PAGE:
FBI Blows Off Public Records Laws
MARCH 13, 2009
Utilizing an outdated and deliberately limited search process, the Federal Bureau of Investigation fails to comply with two thirds of public records requests, far more than any other government agency.
Even scarier is that the FBI, responsible for protecting the United States against terrorist and foreign intelligence threats, uses the same faulty search process in its criminal investigations. This alarming information was revealed this week by the National Security Archive, a group that publishes declassified government documents mostly obtained through federal public records laws.
This week the group crowned the FBI with its annual dishonor—the Rosemary Award—for worst violator of the Freedom of Information Act (FOIA). The award is appropriately named after the Richard Nixon secretary (Rosemary Woods) who accidentally erased a crucial White House tape recording when she stretched to answer the phone.
According to the National Security Archive in the last four years the FBI claimed that it couldn’t find records in 66% of requests (37,342 out of 56,530). In 2008, only 0.5% of requesters got what they sought from the bureau. The FBI knowingly uses a search process that doesn’t find relevant records, say archive directors. The same searches are used in its criminal investigations.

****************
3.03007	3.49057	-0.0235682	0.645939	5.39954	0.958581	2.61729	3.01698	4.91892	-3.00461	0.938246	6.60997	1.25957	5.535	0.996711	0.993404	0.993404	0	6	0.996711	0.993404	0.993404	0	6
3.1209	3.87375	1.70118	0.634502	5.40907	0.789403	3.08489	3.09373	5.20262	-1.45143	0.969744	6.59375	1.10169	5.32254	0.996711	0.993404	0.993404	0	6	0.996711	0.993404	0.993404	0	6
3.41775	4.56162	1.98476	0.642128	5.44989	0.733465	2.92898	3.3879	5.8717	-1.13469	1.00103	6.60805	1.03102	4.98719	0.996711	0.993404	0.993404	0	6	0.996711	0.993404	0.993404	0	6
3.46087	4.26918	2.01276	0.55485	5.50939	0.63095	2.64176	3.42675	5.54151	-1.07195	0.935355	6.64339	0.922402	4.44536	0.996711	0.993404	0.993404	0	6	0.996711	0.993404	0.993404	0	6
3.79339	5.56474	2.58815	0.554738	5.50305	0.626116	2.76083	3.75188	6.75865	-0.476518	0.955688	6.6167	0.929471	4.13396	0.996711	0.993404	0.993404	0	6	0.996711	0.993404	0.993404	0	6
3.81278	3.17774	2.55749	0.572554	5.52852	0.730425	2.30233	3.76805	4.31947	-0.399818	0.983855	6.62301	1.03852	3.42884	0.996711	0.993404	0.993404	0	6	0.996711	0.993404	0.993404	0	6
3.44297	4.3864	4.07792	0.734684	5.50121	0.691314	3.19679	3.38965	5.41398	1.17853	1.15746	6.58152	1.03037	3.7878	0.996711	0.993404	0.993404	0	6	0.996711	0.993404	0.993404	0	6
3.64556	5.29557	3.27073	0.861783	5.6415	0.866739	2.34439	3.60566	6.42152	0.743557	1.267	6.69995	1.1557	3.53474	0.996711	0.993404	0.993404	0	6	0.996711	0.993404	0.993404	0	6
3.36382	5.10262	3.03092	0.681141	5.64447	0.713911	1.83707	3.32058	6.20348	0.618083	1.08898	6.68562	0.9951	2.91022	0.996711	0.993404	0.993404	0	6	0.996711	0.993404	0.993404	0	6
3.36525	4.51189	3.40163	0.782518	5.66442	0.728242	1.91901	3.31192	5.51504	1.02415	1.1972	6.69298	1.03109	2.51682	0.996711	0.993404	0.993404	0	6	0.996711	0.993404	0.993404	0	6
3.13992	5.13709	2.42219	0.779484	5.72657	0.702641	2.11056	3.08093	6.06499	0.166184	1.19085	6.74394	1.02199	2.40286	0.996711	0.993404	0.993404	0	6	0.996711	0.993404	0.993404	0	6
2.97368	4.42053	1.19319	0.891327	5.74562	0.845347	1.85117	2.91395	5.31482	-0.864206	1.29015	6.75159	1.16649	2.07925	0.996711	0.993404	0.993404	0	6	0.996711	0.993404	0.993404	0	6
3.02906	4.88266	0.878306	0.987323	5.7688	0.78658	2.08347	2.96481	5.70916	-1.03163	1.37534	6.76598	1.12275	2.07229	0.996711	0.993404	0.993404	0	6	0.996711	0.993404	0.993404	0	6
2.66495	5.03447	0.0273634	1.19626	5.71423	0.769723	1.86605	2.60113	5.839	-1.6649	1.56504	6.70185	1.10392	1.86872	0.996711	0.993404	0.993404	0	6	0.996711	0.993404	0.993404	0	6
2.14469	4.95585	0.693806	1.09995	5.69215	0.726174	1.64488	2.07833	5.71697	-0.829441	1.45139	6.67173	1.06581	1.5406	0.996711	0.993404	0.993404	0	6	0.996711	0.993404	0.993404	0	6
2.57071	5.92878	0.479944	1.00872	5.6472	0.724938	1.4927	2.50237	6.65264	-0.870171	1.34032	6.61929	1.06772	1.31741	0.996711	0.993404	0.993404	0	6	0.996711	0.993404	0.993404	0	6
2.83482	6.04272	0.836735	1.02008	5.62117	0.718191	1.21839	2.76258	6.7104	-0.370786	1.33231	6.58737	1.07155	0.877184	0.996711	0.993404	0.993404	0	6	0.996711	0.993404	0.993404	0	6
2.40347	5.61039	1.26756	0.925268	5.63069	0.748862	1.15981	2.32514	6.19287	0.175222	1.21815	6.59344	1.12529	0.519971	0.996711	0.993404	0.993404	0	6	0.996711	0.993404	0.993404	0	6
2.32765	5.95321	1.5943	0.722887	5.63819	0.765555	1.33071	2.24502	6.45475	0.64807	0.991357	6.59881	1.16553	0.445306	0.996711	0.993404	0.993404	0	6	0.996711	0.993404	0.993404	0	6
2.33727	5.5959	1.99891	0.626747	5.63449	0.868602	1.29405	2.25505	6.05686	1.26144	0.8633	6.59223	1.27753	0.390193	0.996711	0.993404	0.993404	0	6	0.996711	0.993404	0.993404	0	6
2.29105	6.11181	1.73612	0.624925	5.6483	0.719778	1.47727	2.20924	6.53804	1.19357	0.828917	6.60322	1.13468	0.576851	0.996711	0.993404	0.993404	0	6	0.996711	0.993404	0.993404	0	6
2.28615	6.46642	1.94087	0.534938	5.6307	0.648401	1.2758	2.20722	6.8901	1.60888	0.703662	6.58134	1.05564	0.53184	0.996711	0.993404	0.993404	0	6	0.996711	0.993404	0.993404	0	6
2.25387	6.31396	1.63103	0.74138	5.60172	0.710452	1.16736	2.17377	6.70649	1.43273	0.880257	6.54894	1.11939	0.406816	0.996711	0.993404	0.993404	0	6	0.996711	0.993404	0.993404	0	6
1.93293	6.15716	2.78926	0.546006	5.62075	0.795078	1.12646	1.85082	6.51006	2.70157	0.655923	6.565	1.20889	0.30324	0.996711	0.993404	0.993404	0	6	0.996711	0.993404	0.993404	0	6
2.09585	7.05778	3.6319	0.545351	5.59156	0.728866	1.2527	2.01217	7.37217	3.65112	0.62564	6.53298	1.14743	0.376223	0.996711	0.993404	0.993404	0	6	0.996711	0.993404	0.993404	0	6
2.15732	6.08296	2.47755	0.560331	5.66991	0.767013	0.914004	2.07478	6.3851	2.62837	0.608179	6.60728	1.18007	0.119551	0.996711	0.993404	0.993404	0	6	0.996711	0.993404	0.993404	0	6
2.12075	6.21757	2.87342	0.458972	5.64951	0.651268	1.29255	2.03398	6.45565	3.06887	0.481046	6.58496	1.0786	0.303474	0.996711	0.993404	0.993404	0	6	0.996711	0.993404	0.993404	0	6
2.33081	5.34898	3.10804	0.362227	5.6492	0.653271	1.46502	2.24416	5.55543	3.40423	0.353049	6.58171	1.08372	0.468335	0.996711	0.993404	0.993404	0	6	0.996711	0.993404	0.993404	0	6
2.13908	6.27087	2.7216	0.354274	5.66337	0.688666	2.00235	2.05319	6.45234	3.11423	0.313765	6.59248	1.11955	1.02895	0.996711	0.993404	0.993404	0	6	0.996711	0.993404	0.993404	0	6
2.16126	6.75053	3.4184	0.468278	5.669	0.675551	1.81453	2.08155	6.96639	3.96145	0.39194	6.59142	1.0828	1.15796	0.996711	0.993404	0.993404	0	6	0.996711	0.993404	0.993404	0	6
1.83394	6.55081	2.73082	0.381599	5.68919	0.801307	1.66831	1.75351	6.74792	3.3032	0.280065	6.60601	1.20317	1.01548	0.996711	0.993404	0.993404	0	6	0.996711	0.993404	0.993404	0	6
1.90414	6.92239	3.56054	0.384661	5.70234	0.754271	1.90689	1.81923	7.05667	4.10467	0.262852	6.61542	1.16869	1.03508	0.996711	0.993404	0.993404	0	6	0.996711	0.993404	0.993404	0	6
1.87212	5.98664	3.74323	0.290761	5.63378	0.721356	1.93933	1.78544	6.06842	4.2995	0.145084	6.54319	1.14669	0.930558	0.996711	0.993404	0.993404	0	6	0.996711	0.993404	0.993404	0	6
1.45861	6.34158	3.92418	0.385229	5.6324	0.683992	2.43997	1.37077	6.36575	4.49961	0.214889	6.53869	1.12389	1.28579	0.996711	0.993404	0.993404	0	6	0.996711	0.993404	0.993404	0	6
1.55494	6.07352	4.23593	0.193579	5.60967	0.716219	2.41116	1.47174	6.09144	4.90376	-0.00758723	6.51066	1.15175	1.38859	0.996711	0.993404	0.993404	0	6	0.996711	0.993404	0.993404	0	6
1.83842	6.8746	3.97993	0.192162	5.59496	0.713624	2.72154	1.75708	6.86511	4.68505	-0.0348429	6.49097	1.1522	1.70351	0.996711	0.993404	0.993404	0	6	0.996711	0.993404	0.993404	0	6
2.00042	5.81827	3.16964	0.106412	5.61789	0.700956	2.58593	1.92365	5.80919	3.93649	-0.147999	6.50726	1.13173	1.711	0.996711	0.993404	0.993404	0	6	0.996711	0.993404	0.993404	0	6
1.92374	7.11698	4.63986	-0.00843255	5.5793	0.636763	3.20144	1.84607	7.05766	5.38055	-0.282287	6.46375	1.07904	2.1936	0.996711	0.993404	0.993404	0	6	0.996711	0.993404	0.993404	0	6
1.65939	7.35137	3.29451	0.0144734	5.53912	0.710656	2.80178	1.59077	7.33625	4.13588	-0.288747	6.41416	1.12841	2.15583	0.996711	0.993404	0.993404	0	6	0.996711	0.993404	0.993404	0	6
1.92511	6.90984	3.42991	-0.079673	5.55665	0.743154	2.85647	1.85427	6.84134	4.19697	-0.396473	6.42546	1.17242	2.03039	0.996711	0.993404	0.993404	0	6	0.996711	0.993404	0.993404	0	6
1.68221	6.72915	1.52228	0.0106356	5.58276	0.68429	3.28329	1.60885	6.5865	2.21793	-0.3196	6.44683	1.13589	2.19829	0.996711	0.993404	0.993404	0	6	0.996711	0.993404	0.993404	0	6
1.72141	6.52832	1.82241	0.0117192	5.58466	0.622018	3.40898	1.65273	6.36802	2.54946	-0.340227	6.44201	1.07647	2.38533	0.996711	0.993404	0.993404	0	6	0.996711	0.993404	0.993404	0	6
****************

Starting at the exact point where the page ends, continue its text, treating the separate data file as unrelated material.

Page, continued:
This is simply the latest of many negative reports involving the notoriously troubled agency. In the last few years the ailing bureau has received dismal performance ratings from crucial entities such as the bipartisan September 11 Commission and the investigative arm of Congress known as the Government Accountability Office.
Last year a Senate Intelligence Committee revealed in a lengthy report that widespread problems and weaknesses inside the FBI would prevent the agency from intercepting a future terrorist attack. A few years ago the agency came under fire for losing sensitive computer files and weapons and for failing to adopt adequate security measures to curtail espionage from within.
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